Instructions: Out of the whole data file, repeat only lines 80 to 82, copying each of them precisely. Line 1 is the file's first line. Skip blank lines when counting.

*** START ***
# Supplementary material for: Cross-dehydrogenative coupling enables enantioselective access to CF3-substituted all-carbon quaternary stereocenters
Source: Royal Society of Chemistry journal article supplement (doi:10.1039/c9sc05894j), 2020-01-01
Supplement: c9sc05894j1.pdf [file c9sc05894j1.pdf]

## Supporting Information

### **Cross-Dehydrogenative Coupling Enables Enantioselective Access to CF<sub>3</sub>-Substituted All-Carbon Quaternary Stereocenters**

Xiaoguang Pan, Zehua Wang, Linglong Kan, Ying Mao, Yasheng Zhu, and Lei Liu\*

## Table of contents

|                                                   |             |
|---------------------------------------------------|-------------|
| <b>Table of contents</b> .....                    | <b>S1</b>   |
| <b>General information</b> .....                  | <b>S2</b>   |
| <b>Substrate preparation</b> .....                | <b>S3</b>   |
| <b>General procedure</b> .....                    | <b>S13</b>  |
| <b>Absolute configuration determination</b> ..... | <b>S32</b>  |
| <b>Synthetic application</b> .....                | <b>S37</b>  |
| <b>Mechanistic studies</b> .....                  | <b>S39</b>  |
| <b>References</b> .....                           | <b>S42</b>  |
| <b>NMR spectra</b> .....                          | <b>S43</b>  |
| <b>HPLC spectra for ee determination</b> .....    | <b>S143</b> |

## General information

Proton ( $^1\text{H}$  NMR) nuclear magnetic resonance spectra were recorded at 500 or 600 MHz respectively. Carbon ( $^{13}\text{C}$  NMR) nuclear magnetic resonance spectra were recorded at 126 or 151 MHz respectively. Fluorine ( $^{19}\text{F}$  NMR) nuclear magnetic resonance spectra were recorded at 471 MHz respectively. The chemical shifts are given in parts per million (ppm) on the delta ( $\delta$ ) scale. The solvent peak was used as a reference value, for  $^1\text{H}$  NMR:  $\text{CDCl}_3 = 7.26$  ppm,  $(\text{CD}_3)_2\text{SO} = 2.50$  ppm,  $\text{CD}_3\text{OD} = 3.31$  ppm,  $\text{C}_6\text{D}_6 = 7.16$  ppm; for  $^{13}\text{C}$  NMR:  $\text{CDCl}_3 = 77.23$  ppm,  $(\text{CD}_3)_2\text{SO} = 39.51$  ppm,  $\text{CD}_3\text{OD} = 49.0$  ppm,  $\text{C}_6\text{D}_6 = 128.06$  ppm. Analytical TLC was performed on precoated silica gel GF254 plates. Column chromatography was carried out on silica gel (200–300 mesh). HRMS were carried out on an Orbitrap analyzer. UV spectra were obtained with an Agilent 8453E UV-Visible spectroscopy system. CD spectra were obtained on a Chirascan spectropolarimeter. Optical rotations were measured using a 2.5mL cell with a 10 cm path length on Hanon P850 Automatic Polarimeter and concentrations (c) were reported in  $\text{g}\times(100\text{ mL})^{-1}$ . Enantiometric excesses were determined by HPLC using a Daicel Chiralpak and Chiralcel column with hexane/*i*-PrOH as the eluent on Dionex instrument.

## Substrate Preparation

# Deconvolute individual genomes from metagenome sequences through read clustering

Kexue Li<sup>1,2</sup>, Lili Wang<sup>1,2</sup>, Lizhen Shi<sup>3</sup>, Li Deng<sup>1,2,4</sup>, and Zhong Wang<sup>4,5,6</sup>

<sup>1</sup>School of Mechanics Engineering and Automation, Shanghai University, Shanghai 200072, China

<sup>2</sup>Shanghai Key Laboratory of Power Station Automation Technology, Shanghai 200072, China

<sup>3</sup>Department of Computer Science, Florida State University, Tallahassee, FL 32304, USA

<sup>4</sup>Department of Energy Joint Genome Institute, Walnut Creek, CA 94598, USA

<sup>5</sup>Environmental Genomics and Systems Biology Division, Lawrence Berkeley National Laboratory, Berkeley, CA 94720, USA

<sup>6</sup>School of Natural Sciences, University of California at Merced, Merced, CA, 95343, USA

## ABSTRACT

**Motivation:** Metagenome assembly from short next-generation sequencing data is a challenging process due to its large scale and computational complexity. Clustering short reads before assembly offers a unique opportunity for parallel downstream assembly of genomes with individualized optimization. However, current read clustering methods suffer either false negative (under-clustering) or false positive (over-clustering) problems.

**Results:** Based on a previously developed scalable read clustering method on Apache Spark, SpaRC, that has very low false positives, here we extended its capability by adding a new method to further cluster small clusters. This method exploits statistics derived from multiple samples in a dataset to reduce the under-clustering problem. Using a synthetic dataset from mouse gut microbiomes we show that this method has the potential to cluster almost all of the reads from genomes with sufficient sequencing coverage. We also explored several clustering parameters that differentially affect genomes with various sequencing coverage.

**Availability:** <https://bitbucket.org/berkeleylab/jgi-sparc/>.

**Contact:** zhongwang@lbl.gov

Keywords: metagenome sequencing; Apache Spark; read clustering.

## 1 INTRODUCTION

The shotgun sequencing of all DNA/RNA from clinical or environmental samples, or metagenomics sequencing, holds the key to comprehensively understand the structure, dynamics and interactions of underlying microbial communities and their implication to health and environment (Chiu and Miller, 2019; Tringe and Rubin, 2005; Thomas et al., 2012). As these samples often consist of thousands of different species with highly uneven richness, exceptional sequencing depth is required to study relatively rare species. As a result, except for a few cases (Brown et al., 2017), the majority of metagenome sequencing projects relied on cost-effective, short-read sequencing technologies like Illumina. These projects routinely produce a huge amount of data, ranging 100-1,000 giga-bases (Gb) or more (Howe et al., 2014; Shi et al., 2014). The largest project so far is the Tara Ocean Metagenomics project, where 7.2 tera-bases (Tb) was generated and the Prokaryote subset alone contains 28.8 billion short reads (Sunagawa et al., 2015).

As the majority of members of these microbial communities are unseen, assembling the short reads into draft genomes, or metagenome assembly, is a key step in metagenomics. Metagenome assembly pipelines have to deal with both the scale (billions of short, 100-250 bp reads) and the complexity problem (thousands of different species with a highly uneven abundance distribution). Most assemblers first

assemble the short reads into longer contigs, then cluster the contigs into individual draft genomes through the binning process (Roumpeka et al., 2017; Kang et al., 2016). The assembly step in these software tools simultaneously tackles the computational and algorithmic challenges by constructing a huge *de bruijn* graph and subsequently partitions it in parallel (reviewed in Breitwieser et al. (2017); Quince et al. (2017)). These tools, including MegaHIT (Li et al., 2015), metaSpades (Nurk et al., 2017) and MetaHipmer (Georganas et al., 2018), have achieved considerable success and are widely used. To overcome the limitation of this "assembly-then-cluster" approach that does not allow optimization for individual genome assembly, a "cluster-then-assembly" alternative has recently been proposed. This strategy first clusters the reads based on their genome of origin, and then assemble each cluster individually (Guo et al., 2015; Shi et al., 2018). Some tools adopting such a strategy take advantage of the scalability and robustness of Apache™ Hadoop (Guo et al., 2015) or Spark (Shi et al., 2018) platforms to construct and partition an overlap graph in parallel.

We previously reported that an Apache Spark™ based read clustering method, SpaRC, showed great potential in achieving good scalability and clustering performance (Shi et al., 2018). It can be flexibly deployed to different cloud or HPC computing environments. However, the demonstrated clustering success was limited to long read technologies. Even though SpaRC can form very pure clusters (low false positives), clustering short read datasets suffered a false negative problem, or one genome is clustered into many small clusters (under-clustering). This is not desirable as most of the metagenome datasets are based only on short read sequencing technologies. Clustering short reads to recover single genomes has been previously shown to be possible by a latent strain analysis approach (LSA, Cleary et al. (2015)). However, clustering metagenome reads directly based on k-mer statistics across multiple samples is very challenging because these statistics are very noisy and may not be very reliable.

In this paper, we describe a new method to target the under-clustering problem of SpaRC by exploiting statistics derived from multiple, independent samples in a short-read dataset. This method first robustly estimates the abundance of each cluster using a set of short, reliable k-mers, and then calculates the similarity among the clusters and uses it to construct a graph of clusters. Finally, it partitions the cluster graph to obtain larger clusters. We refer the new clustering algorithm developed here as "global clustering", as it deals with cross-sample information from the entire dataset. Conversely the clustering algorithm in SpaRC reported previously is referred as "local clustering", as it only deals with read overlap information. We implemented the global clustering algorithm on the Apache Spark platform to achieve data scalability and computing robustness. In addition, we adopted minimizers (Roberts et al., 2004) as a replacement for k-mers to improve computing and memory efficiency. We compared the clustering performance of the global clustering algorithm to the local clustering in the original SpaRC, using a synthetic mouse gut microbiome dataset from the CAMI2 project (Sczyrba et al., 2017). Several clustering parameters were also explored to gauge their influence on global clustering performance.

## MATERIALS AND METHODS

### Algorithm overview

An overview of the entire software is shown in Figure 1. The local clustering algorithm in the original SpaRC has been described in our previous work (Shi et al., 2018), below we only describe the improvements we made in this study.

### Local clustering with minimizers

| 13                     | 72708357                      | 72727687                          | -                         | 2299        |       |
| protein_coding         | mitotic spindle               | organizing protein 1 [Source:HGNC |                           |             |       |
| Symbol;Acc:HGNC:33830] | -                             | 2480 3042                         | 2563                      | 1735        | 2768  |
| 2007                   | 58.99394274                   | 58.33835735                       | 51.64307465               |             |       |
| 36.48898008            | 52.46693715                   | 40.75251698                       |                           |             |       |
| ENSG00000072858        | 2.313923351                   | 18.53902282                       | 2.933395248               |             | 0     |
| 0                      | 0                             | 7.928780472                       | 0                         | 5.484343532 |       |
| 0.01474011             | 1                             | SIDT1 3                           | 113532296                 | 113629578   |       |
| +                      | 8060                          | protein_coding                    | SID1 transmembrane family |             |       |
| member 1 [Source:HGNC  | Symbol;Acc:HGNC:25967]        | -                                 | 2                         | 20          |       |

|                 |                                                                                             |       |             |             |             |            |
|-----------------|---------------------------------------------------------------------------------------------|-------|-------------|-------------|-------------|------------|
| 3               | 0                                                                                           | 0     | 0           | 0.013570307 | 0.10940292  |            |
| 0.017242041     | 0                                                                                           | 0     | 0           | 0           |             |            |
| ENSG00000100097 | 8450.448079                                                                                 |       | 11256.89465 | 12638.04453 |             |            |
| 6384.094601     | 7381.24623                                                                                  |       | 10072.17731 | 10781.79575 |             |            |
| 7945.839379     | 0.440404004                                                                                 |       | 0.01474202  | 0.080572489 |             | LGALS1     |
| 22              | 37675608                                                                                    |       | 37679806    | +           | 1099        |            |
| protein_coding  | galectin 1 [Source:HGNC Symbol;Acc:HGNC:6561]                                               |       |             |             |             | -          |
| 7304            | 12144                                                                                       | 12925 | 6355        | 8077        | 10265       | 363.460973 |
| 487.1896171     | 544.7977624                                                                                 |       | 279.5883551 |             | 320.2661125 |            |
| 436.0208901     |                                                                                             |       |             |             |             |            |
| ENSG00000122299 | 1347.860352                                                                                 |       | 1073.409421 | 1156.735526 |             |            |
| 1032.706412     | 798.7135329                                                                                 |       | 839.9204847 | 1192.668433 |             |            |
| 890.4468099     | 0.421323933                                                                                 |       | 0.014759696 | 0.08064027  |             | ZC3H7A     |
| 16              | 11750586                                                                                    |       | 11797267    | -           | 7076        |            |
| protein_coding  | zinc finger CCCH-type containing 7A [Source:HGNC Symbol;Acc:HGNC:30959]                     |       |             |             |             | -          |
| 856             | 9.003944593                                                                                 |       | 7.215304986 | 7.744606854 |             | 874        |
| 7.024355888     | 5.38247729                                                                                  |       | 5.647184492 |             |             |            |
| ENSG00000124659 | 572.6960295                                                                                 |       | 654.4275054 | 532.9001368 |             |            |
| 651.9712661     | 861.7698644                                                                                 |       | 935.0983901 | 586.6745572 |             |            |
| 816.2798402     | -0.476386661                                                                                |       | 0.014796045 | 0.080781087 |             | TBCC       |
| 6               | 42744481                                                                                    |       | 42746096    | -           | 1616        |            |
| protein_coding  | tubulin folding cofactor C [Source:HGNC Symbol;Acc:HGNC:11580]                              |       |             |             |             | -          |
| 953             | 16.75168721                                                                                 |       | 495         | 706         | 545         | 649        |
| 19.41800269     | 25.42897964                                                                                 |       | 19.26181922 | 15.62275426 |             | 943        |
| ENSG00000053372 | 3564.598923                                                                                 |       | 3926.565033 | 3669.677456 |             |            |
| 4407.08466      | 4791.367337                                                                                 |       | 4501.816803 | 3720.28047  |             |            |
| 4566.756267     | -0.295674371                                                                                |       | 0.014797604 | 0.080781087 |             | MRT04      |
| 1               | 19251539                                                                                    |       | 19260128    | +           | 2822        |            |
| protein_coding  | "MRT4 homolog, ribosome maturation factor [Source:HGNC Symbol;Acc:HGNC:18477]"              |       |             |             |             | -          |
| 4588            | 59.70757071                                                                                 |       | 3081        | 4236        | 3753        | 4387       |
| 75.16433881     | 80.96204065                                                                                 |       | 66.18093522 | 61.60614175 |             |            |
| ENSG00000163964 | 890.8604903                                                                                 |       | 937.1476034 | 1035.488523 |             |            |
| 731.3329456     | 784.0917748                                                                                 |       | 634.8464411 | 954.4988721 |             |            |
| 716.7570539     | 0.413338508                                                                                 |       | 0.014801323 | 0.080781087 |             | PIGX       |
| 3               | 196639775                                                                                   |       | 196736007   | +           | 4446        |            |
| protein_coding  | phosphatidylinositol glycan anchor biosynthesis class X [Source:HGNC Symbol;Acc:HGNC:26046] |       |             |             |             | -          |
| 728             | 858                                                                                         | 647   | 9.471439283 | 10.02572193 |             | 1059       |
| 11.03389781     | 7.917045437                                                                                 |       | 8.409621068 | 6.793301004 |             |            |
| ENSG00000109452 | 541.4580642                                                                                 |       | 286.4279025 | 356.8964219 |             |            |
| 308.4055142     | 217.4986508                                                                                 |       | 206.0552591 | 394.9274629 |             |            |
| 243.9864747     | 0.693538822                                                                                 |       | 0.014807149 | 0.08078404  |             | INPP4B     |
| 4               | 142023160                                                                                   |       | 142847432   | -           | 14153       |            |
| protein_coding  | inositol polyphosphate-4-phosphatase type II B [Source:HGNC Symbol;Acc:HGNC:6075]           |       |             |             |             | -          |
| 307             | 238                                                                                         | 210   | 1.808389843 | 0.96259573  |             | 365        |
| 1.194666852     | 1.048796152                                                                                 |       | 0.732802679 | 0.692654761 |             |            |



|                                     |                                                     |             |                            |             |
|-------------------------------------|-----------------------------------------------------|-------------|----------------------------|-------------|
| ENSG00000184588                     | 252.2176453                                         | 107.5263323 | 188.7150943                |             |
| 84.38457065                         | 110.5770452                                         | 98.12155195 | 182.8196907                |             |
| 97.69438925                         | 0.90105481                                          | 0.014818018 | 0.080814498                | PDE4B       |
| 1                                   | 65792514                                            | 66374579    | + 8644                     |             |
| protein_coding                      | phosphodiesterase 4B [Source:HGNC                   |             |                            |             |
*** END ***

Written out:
| protein_coding  | tubulin folding cofactor C [Source:HGNC Symbol;Acc:HGNC:11580]                              |       |             |             |             | -          |
| 953             | 16.75168721                                                                                 |       | 495         | 706         | 545         | 649        |
| 19.41800269     | 25.42897964                                                                                 |       | 19.26181922 | 15.62275426 |             | 943        |